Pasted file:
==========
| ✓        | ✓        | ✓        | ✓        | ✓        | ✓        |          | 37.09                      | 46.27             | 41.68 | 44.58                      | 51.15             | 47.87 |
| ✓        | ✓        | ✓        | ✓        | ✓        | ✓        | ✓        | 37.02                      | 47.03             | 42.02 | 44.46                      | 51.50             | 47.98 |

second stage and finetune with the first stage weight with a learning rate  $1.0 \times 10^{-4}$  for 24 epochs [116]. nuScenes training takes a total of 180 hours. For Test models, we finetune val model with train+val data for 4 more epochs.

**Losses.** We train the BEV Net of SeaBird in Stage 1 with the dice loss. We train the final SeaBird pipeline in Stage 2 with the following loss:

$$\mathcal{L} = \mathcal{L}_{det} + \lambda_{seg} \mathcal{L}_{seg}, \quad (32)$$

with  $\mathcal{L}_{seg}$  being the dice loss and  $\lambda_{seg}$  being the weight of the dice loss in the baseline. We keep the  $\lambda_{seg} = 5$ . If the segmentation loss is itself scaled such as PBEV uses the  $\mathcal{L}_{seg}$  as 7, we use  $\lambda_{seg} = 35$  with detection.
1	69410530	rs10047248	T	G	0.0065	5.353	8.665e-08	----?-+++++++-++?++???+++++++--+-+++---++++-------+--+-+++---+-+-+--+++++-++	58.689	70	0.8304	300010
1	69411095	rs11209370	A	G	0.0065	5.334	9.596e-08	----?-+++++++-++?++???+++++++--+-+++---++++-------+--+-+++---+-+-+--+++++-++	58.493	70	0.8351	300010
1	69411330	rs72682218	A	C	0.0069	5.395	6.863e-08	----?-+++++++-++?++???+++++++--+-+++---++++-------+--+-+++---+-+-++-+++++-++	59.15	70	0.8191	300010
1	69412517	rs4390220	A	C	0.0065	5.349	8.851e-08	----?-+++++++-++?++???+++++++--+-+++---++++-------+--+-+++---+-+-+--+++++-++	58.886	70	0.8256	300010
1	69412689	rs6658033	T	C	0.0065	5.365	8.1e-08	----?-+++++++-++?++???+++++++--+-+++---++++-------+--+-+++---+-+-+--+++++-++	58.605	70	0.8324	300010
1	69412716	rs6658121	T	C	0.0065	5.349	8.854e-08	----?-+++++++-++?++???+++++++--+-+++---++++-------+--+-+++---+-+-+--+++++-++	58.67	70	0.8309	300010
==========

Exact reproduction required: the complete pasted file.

| ✓        | ✓        | ✓        | ✓        | ✓        | ✓        |          | 37.09                      | 46.27             | 41.68 | 44.58                      | 51.15             | 47.87 |
| ✓        | ✓        | ✓        | ✓        | ✓        | ✓        | ✓        | 37.02                      | 47.03             | 42.02 | 44.46                      | 51.50             | 47.98 |

second stage and finetune with the first stage weight with a learning rate  $1.0 \times 10^{-4}$  for 24 epochs [116]. nuScenes training takes a total of 180 hours. For Test models, we finetune val model with train+val data for 4 more epochs.

**Losses.** We train the BEV Net of SeaBird in Stage 1 with the dice loss. We train the final SeaBird pipeline in Stage 2 with the following loss:

$$\mathcal{L} = \mathcal{L}_{det} + \lambda_{seg} \mathcal{L}_{seg}, \quad (32)$$

with  $\mathcal{L}_{seg}$  being the dice loss and  $\lambda_{seg}$  being the weight of the dice loss in the baseline. We keep the  $\lambda_{seg} = 5$ . If the segmentation loss is itself scaled such as PBEV uses the  $\mathcal{L}_{seg}$  as 7, we use  $\lambda_{seg} = 35$  with detection.
1	69410530	rs10047248	T	G	0.0065	5.353	8.665e-08	----?-+++++++-++?++???+++++++--+-+++---++++-------+--+-+++---+-+-+--+++++-++	58.689	70	0.8304	300010
1	69411095	rs11209370	A	G	0.0065	5.334	9.596e-08	----?-+++++++-++?++???+++++++--+-+++---++++-------+--+-+++---+-+-+--+++++-++	58.493	70	0.8351	300010
1	69411330	rs72682218	A	C	0.0069	5.395	6.863e-08	----?-+++++++-++?++???+++++++--+-+++---++++-------+--+-+++---+-+-++-+++++-++	59.15	70	0.8191	300010
1	69412517	rs4390220	A	C	0.0065	5.349	8.851e-08	----?-+++++++-++?++???+++++++--+-+++---++++-------+--+-+++---+-+-+--+++++-++	58.886	70	0.8256	300010
1	69412689	rs6658033	T	C	0.0065	5.365	8.1e-08	----?-+++++++-++?++???+++++++--+-+++---++++-------+--+-+++---+-+-+--+++++-++	58.605	70	0.8324	300010
1	69412716	rs6658121	T	C	0.0065	5.349	8.854e-08	----?-+++++++-++?++???+++++++--+-+++---++++-------+--+-+++---+-+-+--+++++-++	58.67	70	0.8309	300010